The American Chestnut looks similar to the European variety that is edible – Castanea sativa (The image BTW make it look the mouth of an alien worm out of a sci-fi movie – like the sand worms in ‘Dune’, for example). But the common chestnut you find ‘in the wild’ and in parks here is the Horse Chestnut – and it also suffering from attacks by a rather new enemy that appeared suddendly: http://en.wikipedia.org/wiki/Horse-chestnut_leaf_miner. I haven’t followed this in detail but there have been EU research projects dedicated to limiting the damage from this insect – it seems to be a big problem and nearly any tree you see shows the characteristic brown stains at the leaves.

    • I haven’t read anything by Taleb (although you’ve spoken about his writing often). The point he makes is the central one here … it is better NOT to mess around with a highly complex and interdependent system. Isn’t there some application of Chaos Theory here … when one attempts to predict the outcome of perturbations from several different start points? D

  5. Wow, that’s such an intimate and intense photo … stunning David. And the post is full of heartfelt wisdom. As a species we don’t have a great track record at preserving species … only regretting the losses once it’s almost too late! Do you get Horse chestnuts over in the States? Those are the ones which filled my childhood!

    • As far as I know, Aesculus hippocastanum (Horse Chestnut) isn’t a chestnut at all … but a distant relative of the true Chestnuts! The seeds are somewhat poisonous, though certain extracts are used for medicinal purposes. Is this the tree (Conker Tree) that you are remembering? Perhaps you climbed them, or pretended they were houses? The grow very large apparently. You didn’t eat the seeds of these things … did you?

  6. Great post. Man’s intervention can be foolish and desperately sad. It’s good to hear that the restoration project is having some success though. Beautiful photograph too.

  7. Reading the start of the post I was reminded of an exchange I had with the daughter of a good friend of mine around 20 years ago when she was around 3. She insisted that while chicken came from a farm, chicken nuggets were in no way related to the farm and, instead, were totally produced “at a factory.” If was, of course, no use to try and move her from that position at the time. I do believe she has since come around somewhat, though. Speaking of the kind of environmentalists who’d do anything for the environment – except, of course, try and learn about it at a level at least slightly beyond the obvious – I am always struck by how often their deeds are essentially an exercise in vanity. They just want to be seen as championing a cause that makes them look good, rather than taking on the harder problems that lack simple solutions. Each year, for example, my province is visited by rich, famous personalities along with significant paparazzi types. They say they are here to stop the slaughter of baby seals by clubbing. The fact is, though, that the practice has been banned since 1987; a fact that the protesters seem unaware of. Not that I’m in favour of or against anything to the point of getting emotional about it, mind you. To me it’s an issue of environmental stewardship best approached rationally with input all around – from harvesters, biologists, government officials and, of course informed environmentalists.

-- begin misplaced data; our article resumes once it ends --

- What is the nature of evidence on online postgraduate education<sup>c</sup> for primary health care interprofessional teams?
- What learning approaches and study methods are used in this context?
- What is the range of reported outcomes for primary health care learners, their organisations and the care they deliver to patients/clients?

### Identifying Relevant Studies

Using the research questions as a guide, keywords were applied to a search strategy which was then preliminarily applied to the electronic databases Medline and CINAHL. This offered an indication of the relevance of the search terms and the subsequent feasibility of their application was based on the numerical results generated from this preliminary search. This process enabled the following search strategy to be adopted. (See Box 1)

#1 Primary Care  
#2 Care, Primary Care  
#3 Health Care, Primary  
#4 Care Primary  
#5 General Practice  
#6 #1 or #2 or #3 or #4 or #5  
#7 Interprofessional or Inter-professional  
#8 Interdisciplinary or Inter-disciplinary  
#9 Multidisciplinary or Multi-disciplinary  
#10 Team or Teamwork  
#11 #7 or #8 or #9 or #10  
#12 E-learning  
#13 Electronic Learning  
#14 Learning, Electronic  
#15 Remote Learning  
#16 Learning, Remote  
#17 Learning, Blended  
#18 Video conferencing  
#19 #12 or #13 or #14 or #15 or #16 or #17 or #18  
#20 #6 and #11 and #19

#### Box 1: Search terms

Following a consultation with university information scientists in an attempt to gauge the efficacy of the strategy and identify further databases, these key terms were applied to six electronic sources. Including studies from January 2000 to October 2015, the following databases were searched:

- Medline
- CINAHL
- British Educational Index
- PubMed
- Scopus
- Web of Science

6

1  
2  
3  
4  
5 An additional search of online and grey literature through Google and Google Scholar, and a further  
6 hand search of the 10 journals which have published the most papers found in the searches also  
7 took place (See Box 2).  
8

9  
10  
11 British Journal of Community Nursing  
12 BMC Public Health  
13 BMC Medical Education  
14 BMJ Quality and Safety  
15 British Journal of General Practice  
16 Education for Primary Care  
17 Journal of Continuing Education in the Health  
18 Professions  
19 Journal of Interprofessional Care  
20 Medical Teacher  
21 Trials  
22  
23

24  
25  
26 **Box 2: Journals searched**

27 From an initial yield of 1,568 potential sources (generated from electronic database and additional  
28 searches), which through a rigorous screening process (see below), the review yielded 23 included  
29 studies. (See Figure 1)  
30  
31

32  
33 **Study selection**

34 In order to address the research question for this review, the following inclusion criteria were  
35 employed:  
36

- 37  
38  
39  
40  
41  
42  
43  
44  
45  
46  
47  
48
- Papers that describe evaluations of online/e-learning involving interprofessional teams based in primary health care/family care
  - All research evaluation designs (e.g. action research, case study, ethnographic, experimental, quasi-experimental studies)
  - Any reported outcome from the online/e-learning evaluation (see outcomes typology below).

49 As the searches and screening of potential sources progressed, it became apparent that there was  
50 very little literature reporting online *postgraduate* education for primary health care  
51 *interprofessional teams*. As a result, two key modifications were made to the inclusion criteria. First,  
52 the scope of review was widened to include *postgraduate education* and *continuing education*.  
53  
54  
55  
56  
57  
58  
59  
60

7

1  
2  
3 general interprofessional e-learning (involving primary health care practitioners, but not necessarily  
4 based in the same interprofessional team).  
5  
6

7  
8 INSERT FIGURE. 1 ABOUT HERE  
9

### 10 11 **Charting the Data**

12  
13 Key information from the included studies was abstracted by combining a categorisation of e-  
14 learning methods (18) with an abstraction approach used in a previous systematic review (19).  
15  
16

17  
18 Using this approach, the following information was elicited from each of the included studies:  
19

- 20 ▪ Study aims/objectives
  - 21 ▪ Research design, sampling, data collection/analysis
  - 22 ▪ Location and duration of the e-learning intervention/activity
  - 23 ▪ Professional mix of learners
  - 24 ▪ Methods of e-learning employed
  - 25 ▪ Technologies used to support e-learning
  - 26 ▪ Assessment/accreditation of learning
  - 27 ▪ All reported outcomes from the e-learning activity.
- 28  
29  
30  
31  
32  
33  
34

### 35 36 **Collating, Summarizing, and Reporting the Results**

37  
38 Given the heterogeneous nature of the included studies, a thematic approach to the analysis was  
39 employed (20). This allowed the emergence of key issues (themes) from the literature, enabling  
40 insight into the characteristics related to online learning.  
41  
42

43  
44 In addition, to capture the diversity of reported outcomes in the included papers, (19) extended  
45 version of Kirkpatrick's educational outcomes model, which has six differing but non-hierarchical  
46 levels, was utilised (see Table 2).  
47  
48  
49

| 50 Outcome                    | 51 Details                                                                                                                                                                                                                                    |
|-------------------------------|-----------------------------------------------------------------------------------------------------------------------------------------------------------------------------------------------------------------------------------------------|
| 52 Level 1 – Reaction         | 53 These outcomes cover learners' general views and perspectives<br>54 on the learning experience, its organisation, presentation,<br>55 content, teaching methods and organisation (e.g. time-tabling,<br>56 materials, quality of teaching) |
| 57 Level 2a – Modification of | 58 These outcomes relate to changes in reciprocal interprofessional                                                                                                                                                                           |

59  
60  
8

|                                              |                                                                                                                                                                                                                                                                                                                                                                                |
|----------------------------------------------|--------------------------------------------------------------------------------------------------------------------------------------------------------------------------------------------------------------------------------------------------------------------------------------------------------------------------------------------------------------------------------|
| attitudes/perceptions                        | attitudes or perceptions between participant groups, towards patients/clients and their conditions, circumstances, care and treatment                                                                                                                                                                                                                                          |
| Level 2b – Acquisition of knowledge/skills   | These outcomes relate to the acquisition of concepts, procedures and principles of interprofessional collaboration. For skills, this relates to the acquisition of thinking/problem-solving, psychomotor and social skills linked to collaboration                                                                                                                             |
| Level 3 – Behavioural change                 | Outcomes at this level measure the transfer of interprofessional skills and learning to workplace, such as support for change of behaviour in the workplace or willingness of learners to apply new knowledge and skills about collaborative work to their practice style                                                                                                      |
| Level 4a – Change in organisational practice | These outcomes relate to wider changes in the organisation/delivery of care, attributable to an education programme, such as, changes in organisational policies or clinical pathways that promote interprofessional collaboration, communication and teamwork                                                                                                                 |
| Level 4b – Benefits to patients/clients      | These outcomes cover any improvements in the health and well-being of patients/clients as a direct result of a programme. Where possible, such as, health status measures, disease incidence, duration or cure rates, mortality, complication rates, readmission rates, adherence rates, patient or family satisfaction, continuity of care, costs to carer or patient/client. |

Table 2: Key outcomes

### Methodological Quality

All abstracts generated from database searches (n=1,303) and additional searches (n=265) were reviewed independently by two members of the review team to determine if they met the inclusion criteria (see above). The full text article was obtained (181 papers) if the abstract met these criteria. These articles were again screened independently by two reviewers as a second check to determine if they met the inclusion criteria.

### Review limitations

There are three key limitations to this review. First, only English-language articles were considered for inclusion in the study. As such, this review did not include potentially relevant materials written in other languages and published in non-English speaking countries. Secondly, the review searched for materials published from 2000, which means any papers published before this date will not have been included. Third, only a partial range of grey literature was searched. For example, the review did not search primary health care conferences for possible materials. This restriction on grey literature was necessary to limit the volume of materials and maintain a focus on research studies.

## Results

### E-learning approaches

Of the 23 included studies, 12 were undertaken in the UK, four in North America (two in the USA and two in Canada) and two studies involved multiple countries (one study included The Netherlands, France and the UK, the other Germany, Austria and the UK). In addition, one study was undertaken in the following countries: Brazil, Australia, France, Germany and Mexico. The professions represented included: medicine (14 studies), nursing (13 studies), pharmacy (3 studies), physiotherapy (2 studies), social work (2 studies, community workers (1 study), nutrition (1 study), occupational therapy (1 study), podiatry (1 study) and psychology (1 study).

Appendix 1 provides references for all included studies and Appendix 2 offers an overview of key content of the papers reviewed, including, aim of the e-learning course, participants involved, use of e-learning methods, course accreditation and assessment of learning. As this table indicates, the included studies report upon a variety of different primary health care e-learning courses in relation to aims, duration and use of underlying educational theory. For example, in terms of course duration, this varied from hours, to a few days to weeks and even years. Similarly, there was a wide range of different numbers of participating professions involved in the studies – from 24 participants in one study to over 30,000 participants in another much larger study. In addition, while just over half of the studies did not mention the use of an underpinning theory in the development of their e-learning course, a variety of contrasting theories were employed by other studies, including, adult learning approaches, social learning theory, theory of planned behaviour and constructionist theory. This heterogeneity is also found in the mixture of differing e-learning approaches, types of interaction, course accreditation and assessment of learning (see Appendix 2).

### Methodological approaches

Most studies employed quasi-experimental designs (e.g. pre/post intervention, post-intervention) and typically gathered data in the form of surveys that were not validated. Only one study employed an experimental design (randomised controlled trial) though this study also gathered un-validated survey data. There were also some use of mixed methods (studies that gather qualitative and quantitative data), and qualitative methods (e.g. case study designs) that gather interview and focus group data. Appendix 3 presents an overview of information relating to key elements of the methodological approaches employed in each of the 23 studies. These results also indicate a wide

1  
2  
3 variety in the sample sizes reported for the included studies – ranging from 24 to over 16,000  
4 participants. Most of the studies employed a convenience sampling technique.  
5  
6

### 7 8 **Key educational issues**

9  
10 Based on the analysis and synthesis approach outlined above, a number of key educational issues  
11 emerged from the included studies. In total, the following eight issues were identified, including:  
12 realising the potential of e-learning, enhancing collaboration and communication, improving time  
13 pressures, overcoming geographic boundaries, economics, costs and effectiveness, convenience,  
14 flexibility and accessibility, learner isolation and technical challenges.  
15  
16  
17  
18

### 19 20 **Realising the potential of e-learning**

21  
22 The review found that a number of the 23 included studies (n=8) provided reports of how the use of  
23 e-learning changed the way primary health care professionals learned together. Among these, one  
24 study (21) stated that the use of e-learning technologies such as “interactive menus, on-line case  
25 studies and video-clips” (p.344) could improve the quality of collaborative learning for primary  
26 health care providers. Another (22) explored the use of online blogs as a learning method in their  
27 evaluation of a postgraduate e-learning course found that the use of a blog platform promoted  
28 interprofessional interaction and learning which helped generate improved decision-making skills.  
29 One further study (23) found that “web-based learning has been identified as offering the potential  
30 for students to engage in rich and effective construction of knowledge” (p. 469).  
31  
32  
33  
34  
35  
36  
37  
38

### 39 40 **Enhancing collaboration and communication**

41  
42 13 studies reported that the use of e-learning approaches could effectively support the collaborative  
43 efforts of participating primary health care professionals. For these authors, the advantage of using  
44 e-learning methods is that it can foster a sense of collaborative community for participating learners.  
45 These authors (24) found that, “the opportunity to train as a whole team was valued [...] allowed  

• You got it in one. Most folks prefer to leave environmental stewardship at the door … unwilling to participate … which must include personal sacrifice. If the sacrifice means biking to work rather than driving, so be it. If it means purchasing locally, so be it. If it means lowering the thermostat, so be it. The difficulty has always been that folks like to proclaim the banner of environmentalism … as long as someone else is doing with less. Far be it from the majority of twenty-somethings to give up their 21st century conveniences, which are numerous. If everyone simply contributed a little bit … those many millions of very little bits would go a long, long, way to solving many of our environmental issues. This goes for governments, everywhere, as well. It’s all a matter of education, as you have pointed out elsewhere. Perhaps in another several decades the tides will turn, for the better. (Heavy sigh) D